Review - A seamlessly brilliant stitch-up

12th April 2013 at 01:00

Hurrah! Into the gap left by The Great British Bake Off comes Great British Sewing Bee. It is different for two reasons: the lack of the definite article and the use of needles in place of icing nozzles.

It also involves more teachers. May Martin, one of the judges, has been one for 40 years, teaching sewing at secondary schools and, more recently, to adults. And contestant Ann was also a teacher, albeit a long time ago. Ann is 81 and gave up work as a domestic science teacher in order to marry and raise children. And also to sew.

That, after all, is the point of the new BBC Two series: to showcase the needle skills of talented amateurs. In each episode they face three challenges over the course of 48 hours. Just like Bake Off, but less edible.

The first challenge of the second episode is to make a pair of men's trousers. Instead of soggy bottoms, the judges will be looking for saggy bottoms.

"Can I make red trousers for a man?" asks Ann. "Men can wear red trousers these days, can't they?" Ann is very good: unlike most of the other contestants, she gives her trousers a fly. When the sewers are ranked for their trouser-work, she comes top. "It's a real morale boost, I must admit," she says.

Such quiet modesty is the real charm of Sewing Bee. Contestant Stuart talks about the "amazing opportunity" the programme has given him. He is not a teacher, but I like him anyway.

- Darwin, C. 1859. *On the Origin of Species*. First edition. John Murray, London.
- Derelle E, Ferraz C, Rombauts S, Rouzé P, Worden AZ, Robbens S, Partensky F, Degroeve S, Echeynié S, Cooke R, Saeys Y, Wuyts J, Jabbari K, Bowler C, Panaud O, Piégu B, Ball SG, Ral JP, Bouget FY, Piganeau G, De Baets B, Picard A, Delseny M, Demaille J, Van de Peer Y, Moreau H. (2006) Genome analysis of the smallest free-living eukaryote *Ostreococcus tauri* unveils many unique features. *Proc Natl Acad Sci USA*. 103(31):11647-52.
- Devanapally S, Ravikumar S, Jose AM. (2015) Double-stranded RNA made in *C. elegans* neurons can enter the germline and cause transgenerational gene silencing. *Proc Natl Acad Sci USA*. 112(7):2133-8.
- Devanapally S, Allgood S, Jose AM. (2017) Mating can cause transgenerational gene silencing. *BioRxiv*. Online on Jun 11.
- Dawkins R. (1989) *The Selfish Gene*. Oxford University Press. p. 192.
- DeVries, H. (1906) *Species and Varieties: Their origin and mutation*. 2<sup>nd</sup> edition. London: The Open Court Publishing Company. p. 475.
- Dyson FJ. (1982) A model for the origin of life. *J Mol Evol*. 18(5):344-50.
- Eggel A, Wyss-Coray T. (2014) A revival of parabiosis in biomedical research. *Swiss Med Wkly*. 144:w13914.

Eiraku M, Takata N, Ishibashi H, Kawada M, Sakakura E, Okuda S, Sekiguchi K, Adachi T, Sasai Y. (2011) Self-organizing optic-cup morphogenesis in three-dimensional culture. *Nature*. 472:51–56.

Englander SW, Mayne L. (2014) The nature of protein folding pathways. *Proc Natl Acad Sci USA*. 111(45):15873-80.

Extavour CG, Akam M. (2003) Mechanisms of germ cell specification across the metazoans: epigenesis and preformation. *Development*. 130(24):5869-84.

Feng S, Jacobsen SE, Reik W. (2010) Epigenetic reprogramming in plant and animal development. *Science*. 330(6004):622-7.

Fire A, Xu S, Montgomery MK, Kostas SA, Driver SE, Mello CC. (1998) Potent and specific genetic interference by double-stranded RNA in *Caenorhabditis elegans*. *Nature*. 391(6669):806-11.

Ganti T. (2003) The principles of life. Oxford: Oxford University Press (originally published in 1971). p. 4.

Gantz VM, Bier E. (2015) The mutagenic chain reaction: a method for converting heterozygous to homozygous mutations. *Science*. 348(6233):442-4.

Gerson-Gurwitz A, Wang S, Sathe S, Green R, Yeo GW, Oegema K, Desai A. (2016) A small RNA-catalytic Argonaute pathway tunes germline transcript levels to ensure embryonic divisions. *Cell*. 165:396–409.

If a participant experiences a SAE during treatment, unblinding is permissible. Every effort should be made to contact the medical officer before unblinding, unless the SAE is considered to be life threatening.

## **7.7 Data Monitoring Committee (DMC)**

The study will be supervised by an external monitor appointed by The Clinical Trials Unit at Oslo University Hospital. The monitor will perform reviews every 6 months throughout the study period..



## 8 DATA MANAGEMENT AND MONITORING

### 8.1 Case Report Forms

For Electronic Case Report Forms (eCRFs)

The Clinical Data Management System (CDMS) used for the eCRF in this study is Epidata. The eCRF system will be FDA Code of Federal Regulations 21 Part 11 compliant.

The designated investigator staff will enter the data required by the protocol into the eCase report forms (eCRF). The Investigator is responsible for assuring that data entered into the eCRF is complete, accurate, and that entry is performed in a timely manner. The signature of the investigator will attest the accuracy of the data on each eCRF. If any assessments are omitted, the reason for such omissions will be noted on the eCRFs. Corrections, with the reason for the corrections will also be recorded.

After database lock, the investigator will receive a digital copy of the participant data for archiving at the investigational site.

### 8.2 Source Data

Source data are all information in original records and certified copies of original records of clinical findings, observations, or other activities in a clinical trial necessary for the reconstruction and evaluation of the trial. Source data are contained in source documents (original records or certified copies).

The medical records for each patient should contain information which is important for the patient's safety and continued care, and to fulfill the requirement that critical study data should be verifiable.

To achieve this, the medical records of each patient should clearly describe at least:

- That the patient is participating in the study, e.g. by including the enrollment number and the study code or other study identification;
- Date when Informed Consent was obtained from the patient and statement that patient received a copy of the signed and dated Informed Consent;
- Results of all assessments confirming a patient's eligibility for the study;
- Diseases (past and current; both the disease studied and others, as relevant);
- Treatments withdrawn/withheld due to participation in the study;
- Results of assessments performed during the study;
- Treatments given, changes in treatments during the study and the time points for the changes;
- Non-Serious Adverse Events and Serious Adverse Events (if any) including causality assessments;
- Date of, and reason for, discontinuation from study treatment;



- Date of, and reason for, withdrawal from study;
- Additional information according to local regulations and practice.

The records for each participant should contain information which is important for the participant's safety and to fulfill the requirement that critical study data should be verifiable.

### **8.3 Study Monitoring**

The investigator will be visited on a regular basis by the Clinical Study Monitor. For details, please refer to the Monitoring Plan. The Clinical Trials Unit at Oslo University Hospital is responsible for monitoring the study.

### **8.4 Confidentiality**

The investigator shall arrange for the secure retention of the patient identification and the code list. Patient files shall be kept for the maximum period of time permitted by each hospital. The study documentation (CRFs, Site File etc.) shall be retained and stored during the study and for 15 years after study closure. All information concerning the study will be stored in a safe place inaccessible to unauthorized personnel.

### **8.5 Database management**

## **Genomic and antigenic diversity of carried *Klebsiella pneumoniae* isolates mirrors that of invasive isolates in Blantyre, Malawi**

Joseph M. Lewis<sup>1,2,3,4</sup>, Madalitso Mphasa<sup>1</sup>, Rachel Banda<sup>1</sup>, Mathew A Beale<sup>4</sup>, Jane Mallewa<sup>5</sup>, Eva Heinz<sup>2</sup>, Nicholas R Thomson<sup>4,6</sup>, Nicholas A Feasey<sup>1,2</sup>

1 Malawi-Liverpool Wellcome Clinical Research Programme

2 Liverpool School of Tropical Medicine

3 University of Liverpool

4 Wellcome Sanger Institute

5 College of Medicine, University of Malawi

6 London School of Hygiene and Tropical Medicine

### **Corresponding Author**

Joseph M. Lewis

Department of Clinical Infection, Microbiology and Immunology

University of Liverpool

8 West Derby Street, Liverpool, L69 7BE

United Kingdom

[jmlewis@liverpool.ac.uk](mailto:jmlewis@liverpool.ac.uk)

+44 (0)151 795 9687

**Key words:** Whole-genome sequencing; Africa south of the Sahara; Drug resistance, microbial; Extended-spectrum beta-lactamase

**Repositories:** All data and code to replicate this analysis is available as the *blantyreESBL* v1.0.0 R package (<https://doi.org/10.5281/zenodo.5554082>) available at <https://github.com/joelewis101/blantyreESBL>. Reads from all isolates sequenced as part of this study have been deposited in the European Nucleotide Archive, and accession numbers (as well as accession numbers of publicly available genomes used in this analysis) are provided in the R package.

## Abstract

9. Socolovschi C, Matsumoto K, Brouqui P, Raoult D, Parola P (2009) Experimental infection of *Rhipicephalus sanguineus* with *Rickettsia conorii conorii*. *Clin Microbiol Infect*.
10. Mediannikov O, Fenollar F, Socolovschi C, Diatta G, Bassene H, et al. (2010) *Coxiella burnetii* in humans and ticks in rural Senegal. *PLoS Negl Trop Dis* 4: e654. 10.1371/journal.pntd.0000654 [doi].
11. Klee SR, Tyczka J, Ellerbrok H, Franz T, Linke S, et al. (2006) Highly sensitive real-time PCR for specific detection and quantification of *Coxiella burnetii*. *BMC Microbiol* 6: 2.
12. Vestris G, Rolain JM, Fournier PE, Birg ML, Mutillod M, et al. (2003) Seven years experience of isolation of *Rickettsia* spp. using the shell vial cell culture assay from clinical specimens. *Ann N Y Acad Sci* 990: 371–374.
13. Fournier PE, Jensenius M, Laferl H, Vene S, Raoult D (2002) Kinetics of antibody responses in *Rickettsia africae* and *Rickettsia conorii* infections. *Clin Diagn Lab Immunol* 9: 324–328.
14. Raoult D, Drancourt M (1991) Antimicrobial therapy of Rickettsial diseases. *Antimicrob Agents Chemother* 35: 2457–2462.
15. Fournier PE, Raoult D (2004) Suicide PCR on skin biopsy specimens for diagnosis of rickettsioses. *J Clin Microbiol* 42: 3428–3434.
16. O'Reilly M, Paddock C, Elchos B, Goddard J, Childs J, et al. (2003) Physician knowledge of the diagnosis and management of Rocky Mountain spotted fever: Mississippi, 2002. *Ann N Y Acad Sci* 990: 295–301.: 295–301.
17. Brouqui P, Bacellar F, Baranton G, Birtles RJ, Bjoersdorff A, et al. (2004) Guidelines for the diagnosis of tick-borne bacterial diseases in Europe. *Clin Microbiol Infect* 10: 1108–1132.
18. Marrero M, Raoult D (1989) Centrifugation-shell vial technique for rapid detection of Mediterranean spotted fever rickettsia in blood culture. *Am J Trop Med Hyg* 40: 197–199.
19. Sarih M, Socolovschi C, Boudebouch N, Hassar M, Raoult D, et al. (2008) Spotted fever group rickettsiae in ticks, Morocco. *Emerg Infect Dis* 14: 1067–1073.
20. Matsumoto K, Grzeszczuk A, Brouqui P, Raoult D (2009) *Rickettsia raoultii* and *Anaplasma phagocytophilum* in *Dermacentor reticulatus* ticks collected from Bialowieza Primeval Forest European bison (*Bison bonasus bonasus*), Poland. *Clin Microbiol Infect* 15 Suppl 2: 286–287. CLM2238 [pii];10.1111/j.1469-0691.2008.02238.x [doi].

Stuart comes into his own in the next challenge, which involves adding pockets to an A-line skirt. While Ann goes for a safe option, Stuart comes up with an elaborate design involving flower stems that blossom into a pair of tulip pockets. "Quirky and fun," the judges say, before naming his skirt Garment of the Week. Yes. This programme has a garment of the week. It really does get better and better.

Finally, contestants are given six hours to make a blouse out of silk or satin. "The fabric, rather than the pattern, is the challenge today," Ann says. She is making a cerise blouse, from a new pattern. "I never, ever make the same thing twice," she says. "I find it boring."

It is Stuart's blouse, however, that divides the judges. "I just think he's an amazing improver," May says, wanting to give him full marks for effort. "For me, it's not about choosing the best improver," Patrick, the other judge, says. He is not a teacher.

Ultimately, however, both Stuart and Ann are safe for another week. "It's a big shock that it wasn't me," Stuart says. Bless him. Ann has not taught for a very long time. Would it be very disloyal to hope that Stuart wins instead?

Great British Sewing Bee, BBC Two, Tuesdays at 8pm.

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